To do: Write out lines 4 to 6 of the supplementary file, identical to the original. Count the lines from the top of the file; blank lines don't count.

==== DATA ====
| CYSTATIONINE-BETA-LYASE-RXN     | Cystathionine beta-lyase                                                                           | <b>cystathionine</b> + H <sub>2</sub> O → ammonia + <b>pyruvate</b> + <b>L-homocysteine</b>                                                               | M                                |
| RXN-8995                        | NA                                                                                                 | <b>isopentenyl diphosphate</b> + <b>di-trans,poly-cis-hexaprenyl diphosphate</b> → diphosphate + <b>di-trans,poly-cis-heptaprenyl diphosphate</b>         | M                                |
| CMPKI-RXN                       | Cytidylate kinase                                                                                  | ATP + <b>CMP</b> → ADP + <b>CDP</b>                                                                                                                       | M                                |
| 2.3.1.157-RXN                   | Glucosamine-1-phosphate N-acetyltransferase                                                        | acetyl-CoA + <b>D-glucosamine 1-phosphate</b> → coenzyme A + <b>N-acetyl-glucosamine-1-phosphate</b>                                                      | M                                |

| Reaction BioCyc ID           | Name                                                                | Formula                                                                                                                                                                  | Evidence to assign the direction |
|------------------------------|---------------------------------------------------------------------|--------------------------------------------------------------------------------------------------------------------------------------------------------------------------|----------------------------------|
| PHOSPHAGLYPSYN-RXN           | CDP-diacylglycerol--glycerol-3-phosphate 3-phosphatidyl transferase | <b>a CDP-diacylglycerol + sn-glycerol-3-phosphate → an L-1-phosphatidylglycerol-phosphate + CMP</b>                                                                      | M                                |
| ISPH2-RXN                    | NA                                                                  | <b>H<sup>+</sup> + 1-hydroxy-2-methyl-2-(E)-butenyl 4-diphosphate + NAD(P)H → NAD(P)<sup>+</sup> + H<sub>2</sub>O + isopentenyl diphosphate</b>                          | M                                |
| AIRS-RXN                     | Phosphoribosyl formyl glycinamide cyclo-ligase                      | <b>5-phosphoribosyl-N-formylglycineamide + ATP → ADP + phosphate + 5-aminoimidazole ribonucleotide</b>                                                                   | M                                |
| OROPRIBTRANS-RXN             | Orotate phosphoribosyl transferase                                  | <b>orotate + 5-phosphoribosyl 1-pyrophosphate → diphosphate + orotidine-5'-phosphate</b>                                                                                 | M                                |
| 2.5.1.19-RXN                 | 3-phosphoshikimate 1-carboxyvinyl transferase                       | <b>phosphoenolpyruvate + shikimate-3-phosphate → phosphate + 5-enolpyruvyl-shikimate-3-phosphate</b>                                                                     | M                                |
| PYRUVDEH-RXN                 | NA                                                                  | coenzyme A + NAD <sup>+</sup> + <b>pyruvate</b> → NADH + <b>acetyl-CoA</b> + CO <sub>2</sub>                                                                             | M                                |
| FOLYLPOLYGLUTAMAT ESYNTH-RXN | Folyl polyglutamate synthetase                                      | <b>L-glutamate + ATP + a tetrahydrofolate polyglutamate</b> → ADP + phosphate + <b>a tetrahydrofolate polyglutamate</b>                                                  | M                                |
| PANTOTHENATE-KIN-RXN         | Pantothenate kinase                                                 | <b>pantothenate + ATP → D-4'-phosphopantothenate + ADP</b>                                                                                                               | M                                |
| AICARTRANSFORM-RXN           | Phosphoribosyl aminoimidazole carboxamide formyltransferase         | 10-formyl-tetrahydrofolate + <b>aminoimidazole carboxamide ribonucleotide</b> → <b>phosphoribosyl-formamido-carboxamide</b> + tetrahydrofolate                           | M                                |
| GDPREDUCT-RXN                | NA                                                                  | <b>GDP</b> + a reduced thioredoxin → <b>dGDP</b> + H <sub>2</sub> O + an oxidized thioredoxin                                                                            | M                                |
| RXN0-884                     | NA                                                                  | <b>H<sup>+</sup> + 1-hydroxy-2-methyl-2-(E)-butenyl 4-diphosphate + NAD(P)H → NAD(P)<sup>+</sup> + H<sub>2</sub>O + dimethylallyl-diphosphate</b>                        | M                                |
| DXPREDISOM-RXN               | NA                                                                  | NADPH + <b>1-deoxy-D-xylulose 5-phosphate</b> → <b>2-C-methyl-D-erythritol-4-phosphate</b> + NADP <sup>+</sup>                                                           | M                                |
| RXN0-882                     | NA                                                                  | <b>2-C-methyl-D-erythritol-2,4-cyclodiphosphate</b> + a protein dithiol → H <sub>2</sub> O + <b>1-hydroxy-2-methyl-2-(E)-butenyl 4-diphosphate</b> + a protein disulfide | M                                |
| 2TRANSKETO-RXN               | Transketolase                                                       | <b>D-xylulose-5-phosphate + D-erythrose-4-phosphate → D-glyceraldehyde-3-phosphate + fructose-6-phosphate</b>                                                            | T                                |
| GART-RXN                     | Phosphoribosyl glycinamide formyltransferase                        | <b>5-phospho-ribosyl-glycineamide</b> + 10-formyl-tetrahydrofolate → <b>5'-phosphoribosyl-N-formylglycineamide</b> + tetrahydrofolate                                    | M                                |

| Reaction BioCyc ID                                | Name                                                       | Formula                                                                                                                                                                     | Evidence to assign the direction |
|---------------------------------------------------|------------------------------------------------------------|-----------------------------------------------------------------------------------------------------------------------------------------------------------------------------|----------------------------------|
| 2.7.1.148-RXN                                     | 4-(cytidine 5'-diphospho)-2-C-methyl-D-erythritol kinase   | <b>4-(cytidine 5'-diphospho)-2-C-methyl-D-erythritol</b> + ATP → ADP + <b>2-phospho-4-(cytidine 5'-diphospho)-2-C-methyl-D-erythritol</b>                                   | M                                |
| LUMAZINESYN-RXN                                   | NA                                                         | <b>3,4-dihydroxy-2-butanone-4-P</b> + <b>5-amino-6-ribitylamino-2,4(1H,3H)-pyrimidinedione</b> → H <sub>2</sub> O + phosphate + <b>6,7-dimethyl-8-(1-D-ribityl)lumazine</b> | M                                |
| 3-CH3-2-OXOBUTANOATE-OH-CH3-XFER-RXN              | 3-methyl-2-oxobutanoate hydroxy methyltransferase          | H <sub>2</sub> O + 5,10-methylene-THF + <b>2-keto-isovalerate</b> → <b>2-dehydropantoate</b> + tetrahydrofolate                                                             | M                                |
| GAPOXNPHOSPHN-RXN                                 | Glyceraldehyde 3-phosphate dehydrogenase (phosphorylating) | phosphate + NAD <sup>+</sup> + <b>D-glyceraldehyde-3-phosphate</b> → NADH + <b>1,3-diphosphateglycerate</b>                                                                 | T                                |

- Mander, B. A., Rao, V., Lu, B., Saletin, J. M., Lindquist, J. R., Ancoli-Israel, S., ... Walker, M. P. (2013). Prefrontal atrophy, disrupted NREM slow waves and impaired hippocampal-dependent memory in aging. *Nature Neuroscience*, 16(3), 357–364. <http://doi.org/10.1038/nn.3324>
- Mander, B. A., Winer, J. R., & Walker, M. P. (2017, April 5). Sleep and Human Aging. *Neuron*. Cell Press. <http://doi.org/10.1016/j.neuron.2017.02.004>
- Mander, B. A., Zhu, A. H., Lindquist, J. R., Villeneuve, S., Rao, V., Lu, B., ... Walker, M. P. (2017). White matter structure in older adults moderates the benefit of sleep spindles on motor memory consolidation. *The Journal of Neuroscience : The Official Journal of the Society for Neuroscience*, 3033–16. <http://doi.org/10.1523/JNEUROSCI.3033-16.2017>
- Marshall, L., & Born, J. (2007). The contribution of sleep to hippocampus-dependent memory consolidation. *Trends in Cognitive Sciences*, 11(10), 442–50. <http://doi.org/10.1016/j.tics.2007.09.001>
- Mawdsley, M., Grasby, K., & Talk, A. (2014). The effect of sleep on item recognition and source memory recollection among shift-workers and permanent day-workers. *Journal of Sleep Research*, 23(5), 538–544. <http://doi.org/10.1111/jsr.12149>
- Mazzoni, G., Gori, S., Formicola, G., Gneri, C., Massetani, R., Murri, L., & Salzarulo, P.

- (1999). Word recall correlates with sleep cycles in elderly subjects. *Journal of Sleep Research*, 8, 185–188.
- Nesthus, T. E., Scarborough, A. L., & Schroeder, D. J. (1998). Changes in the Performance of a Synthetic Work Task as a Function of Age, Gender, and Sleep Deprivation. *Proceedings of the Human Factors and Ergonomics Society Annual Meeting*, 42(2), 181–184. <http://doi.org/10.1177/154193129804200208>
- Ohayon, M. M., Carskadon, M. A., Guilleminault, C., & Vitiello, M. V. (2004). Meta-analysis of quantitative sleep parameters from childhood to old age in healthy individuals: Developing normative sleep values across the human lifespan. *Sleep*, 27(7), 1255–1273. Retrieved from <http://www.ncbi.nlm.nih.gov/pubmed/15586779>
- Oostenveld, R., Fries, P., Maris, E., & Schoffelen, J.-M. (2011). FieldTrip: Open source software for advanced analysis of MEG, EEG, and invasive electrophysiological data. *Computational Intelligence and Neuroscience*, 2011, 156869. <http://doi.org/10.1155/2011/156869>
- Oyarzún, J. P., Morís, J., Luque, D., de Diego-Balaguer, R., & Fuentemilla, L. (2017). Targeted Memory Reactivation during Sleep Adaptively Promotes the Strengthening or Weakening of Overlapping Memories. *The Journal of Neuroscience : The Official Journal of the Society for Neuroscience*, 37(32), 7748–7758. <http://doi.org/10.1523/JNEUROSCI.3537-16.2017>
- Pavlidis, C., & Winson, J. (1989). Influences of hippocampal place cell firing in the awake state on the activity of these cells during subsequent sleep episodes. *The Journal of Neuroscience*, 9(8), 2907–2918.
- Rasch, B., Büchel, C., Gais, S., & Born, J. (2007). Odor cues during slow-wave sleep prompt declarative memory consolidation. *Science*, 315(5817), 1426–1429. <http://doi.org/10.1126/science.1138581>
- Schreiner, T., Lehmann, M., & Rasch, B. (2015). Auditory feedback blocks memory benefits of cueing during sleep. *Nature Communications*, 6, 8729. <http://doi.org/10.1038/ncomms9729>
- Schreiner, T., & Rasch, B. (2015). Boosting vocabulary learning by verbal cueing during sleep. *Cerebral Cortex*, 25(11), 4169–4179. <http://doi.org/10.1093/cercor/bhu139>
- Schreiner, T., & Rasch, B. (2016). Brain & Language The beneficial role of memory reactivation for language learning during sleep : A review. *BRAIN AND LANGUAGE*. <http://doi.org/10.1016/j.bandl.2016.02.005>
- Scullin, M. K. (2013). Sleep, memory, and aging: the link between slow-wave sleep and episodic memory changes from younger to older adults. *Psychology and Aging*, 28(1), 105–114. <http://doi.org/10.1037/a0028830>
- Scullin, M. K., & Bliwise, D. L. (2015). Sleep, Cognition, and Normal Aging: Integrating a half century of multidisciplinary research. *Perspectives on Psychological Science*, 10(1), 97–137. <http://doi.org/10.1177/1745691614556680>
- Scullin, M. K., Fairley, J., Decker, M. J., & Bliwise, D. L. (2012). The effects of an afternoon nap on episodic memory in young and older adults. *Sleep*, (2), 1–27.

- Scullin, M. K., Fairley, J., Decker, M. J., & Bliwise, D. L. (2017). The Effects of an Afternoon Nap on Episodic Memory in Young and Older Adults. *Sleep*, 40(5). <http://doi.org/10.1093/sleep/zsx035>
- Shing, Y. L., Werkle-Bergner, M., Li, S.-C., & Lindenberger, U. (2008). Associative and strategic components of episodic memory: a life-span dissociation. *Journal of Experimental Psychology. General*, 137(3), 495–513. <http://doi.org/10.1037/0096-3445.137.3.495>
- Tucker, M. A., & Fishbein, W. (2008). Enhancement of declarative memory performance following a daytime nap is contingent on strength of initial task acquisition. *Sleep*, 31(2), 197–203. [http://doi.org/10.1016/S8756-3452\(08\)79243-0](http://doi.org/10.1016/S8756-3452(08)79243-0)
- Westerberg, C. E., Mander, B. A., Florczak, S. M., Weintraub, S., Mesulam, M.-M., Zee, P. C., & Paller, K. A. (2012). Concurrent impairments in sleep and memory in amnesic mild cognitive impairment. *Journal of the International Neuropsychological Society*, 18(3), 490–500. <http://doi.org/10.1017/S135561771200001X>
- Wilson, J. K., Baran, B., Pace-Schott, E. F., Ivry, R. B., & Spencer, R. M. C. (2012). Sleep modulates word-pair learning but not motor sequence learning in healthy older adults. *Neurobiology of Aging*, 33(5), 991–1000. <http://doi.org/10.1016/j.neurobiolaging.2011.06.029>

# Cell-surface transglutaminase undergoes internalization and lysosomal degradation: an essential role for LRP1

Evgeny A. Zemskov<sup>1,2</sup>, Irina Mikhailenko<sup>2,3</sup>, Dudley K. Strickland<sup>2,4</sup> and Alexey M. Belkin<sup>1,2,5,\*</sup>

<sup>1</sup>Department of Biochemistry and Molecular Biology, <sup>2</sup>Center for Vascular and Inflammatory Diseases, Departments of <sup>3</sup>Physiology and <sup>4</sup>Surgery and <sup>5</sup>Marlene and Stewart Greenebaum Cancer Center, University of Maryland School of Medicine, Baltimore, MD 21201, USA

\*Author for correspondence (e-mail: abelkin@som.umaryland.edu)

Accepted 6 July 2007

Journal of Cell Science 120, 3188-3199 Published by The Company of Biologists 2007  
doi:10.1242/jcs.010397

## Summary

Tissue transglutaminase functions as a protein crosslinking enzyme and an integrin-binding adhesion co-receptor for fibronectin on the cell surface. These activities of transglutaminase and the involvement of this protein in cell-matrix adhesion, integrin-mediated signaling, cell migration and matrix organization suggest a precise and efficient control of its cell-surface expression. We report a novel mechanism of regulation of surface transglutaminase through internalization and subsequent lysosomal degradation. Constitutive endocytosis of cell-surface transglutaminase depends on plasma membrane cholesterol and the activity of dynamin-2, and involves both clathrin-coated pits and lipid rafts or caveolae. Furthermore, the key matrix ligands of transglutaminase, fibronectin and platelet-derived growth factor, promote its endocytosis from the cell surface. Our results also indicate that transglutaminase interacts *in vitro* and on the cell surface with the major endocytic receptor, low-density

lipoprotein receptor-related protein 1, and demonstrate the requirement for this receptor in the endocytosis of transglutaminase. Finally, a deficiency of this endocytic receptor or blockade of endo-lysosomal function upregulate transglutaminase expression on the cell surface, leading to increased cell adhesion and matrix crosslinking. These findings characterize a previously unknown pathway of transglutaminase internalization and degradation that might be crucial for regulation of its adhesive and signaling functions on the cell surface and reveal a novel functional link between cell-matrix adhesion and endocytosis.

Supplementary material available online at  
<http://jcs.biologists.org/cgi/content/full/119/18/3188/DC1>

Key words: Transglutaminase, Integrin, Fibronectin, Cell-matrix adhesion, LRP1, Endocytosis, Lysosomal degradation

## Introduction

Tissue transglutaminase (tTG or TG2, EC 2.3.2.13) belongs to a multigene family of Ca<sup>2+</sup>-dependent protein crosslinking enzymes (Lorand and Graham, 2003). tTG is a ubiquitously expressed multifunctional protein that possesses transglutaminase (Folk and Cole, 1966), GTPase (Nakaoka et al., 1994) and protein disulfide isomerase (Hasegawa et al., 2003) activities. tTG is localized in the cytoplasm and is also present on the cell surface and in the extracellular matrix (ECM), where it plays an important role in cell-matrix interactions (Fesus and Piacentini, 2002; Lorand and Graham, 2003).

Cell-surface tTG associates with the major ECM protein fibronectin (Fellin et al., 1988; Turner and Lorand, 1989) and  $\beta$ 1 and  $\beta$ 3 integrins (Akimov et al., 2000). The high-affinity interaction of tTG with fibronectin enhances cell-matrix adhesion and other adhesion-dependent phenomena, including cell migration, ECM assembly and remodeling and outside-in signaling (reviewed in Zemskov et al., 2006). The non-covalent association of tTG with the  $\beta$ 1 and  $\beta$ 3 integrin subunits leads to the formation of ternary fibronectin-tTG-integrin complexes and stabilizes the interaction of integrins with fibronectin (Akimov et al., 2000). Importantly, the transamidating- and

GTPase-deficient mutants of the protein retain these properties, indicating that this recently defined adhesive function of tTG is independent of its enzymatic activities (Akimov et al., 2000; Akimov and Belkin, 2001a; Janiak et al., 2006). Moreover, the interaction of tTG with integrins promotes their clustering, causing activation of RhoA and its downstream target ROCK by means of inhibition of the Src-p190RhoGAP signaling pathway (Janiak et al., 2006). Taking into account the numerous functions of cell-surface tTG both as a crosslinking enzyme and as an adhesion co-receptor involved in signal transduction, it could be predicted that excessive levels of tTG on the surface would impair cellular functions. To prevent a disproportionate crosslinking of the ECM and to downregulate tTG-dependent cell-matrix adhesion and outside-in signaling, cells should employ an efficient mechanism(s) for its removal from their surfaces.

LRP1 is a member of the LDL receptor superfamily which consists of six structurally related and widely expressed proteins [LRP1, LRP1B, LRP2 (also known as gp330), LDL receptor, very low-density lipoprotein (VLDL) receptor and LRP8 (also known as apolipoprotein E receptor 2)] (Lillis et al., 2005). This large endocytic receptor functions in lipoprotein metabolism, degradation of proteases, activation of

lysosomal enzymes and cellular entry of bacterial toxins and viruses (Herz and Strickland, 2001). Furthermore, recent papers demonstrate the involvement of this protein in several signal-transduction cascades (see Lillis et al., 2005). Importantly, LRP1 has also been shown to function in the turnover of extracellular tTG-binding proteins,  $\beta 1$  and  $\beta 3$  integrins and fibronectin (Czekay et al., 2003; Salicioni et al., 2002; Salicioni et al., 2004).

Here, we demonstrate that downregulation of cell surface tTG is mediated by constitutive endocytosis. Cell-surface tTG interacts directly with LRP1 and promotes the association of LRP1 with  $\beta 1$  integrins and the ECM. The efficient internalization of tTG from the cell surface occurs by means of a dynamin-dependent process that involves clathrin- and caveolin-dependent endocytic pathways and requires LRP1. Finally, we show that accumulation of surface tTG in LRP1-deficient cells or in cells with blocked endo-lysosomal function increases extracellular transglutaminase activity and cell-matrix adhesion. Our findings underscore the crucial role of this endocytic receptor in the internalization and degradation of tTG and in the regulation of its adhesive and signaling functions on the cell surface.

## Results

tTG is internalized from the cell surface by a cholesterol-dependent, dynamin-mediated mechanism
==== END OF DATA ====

| 2.3.1.157-RXN                   | Glucosamine-1-phosphate N-acetyltransferase                                                        | acetyl-CoA + <b>D-glucosamine 1-phosphate</b> → coenzyme A + <b>N-acetyl-glucosamine-1-phosphate</b>                                                      | M                                |

| Reaction BioCyc ID           | Name                                                                | Formula                                                                                                                                                                  | Evidence to assign the direction |
|------------------------------|---------------------------------------------------------------------|--------------------------------------------------------------------------------------------------------------------------------------------------------------------------|----------------------------------|